Model railroad design – Roger’s

Roger’s been in touch with his model railroad design and he’s looking for comments:

“Hi Alastair.

I have been following your website for a couple years now and gained much knowledge from all the contributions. I appreciate greatly what you are doing.

I received a Tyco train set for Christmas when I was about 12. Simple figure-eight but I loved playing with it. Not long after I dropped the (bakelite?) controller and it shattered.

Fast forward about twenty years when after college I started my first real job and ran into a hobby shop owner who was a model railroad enthusiast. He introduced me to the local club and I quickly became enamored of the hobby and a member of NMRA.

I purchased a Tyco starter set followed by numerous high quality building kits, engines and cars and made a start on a railroad. Just a simple loop with one siding on a 4×8 sheet of plywood supported by 1×2 framing. Then life got in the way and I set aside my railroading for another 45 years.

Now retired and widowed, I dug out my boxes of railroad equipment with the intent of starting again.

After going through your Beginner’s Guide and numerous other websites, I decided I needed to properly design before building using one of the popular computer design tools.

I have tried several and have settled on SCARM because I was able to do a complete room design, a capability I was not able to duplicate with any of the other tools.

Before describing the pictures I need to say a bit about the design requirements.

First, all of the equipment I have is HO-scale and I don’t want to go smaller – my eyes and fingers won’t let me.

One of the engines I purchased years ago is a Rivarossi Big Boy and I want to be able to run it. Hence, the minimum radius will be 21-inches. Specs say it will run on tighter curves, but my experience on 18-inch curves has not been good. I’m hoping 21-inches will be enough.

Next, the only room I have in which to put the railroad is a relatively small 10×14 feet, and it also must serve for general household storage. So, practically, I have only about 10×9 feet with one corner cut off to allow access to a closet. The design is based on Atlas code 100 trackage with #6 switches, but can be changed if I see a reason to do so.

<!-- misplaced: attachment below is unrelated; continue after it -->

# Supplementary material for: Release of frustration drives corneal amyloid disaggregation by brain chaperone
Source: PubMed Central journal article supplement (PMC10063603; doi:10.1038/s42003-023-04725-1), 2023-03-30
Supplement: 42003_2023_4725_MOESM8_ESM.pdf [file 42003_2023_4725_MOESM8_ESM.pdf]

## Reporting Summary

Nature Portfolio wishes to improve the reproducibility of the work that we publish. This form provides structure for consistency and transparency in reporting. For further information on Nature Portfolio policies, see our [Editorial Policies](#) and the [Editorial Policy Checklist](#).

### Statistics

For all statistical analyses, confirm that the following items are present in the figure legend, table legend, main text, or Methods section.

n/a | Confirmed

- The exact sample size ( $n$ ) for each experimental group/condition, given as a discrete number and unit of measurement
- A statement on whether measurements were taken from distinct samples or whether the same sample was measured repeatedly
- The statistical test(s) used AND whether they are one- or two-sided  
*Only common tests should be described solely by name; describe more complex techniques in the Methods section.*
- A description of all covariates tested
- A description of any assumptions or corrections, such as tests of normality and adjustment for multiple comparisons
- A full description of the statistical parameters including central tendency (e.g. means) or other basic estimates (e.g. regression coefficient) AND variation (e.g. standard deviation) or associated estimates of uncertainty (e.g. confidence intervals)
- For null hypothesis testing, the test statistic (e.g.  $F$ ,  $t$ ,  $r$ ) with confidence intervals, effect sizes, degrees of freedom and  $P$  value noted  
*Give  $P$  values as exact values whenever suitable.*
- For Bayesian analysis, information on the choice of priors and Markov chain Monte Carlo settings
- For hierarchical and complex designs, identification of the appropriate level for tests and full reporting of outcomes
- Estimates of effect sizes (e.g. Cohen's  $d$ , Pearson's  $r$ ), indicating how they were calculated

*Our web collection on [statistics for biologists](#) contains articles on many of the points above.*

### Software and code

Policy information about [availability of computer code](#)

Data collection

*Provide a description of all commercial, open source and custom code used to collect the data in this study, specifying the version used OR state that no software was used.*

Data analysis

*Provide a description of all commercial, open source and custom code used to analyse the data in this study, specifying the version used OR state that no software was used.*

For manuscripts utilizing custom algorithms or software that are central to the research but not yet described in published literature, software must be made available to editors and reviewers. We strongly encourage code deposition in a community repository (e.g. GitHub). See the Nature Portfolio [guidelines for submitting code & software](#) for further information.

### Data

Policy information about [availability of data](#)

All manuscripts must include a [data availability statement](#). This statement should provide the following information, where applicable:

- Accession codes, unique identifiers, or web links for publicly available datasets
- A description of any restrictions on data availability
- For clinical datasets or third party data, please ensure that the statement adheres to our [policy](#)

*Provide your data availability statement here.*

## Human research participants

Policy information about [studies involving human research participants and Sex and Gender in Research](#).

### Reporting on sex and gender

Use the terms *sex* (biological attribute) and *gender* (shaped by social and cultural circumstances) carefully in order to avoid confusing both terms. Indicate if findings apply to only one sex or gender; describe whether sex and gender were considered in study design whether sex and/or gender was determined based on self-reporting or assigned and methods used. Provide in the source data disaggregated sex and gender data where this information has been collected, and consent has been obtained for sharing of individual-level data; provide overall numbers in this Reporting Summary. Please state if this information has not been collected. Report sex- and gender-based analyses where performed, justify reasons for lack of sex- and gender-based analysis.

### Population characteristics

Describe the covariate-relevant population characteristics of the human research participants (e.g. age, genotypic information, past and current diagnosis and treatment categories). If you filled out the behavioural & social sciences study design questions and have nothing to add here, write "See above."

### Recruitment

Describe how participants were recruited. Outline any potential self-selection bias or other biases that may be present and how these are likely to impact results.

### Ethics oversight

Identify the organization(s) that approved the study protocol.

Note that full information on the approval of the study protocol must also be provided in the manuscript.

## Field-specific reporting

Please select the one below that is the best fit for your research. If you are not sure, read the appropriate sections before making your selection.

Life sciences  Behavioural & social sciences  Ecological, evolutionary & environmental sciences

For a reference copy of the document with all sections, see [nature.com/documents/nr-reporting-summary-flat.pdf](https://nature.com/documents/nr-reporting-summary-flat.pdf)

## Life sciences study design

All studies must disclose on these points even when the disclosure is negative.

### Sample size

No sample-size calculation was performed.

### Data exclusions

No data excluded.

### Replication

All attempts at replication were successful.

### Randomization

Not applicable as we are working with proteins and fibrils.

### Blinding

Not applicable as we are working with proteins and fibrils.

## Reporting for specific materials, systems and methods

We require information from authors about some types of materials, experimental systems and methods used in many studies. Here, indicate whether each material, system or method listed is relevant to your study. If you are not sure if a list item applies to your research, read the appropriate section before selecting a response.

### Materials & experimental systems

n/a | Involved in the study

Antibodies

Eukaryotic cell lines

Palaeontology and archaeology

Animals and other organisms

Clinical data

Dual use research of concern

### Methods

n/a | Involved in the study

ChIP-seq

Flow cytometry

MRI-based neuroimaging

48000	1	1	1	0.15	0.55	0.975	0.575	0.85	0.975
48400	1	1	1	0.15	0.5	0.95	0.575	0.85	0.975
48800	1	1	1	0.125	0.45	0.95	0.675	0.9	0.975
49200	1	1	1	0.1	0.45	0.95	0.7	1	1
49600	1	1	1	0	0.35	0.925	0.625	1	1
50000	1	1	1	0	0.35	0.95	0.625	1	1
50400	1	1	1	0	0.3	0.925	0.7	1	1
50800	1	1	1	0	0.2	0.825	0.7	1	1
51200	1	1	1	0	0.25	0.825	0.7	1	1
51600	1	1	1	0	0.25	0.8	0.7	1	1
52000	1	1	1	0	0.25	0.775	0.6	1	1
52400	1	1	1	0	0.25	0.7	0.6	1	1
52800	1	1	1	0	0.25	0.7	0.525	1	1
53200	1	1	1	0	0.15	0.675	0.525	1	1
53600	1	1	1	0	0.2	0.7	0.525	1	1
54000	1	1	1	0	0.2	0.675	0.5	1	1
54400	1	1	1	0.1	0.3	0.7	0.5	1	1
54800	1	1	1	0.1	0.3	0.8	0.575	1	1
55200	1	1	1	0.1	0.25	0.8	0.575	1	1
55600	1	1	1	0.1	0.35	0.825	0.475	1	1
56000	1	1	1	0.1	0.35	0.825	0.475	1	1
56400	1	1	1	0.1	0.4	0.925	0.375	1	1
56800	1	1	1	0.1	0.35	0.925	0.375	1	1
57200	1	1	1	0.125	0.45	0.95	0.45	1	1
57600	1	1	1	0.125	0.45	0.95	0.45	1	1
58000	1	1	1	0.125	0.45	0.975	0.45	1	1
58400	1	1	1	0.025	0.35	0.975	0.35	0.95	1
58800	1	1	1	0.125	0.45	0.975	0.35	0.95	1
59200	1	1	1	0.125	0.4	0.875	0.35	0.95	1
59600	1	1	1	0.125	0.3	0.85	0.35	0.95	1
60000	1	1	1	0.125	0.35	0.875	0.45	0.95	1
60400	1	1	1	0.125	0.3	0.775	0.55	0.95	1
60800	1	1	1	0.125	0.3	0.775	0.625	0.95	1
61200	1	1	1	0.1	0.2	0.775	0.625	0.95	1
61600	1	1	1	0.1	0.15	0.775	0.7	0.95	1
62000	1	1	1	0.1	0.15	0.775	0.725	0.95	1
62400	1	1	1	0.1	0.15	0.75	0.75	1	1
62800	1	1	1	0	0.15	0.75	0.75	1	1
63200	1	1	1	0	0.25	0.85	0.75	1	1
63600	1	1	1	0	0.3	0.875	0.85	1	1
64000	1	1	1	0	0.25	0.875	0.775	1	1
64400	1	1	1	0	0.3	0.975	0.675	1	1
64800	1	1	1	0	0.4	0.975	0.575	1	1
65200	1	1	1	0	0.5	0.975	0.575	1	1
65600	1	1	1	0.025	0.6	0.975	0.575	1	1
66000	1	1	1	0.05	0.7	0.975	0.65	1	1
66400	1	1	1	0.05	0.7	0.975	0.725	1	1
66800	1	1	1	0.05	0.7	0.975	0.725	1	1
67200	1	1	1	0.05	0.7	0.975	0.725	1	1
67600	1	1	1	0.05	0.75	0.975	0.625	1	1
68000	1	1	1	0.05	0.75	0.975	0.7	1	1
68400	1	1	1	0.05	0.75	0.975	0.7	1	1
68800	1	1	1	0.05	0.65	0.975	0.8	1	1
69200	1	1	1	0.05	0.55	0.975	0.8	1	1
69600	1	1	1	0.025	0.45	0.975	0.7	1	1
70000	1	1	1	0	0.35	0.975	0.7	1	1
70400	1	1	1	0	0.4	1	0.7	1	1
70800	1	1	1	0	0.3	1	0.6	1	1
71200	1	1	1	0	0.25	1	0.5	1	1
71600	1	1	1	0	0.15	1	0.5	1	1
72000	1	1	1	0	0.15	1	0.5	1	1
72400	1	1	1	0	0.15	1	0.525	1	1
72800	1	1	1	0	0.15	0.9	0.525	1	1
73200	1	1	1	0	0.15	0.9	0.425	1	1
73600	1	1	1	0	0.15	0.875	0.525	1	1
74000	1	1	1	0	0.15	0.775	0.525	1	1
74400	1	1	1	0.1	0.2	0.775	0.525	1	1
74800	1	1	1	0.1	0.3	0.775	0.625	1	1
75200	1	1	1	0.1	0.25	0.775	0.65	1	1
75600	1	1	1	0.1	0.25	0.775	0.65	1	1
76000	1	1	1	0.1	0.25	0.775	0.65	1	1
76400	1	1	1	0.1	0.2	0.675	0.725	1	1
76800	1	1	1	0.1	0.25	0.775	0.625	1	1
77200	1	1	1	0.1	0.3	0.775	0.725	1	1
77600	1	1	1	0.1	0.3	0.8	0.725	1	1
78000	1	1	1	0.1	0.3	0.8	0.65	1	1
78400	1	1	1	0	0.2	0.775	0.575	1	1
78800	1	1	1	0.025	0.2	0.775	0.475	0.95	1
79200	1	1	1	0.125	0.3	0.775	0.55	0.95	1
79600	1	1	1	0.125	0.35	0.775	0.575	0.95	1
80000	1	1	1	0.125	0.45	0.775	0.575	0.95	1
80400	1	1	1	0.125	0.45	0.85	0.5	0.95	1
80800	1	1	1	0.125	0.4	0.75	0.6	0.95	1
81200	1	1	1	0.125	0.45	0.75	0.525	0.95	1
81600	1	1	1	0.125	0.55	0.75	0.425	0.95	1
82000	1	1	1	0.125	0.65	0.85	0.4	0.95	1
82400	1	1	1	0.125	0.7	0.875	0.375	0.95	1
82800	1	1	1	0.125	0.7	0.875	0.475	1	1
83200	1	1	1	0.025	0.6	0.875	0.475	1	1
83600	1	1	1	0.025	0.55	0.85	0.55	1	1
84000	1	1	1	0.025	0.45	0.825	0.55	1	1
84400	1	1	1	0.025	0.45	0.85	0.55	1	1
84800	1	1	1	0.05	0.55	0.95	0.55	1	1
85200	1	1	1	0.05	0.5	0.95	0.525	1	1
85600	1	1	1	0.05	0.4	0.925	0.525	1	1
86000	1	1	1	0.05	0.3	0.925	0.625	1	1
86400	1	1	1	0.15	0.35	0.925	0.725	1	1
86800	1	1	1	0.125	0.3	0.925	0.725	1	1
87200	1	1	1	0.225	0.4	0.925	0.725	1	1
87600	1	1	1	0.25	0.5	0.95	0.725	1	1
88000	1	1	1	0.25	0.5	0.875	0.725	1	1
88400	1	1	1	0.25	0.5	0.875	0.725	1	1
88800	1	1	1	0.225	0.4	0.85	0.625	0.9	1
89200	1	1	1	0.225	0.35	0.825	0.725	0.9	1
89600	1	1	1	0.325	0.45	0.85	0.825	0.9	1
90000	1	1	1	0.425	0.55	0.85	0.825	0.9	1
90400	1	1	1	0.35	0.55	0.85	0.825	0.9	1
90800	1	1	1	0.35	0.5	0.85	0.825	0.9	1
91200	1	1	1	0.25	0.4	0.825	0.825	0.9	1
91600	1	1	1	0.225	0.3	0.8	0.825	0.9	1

Finally, I want to model the area around Peace River in Alberta, Canada. There is a railroad through the town and the oldest remaining train station in Alberta from the steam era which I hope to include at some point. For those interested there is much available online about the history of the area and the railroad.

Given these limitations for my model railroad design, I have developed a preliminary design open to any suggestions.

There are lots of opportunities for switching and storage, as well as some space for buildings and scenery, which I have yet to work on. As indicated above, it is done in SCARM, and I think your readers will appreciate the capabilities of that software.

Figure 1 shows the track layout and underlying benchwork – 1×3 framing with 2×2 posts.

Figure 2 shows the layout within the room walls and existing shelving. Note the window and doors are also identified.

Figure 3 is a 3-D SCARM presentation of all the components, including layers of solid-foam board for mountains and a river and bridge in front of the window.

I’m not entirely satisfied with the current design. I tried three other configurations which I felt did not work as well. I would appreciate any comments you or your readers may have about my starting attempt.


model railroad design

model railroad design

model railroad design

A big thanks to Roger for sharing his model railroad design – please do leave a comment below if you have any thoughts on it.

Next, a quick flash sale for the all the folk that have ever pondered over buying the Beginner’s Guide, and to all the others who buy it every year just to support the blog (who know who you are so thank you so much).

You get 33 printable buildings and the Beginner’s guide for just $9.

You get the Beginner’s Guide and all the bonuses, and you also get the warm and fuzzy feeling of directly supporting the blog, which at the moment, is struggling somewhat. I’m doing what I can, but it’s looking grim at the mo.

Course, I’m biased, but the buildings on there own are worth $9 each – that’s what they sell for in the store.

So please don’t miss this offer if you ever thought of taking the plunge.

Grab it right now before it disappears – it’s just $9 for the lot.

add to cart

printable buildings

printable buildings

Are you really going to miss out on this crazy offer? You’ll also be keeping the show on the road too.

That’s all for today folks – Please do leave a comment below if you can help Roger with his model railroad design.

Please do keep ’em coming.



PS More HO scale train layouts here if that’s your thing.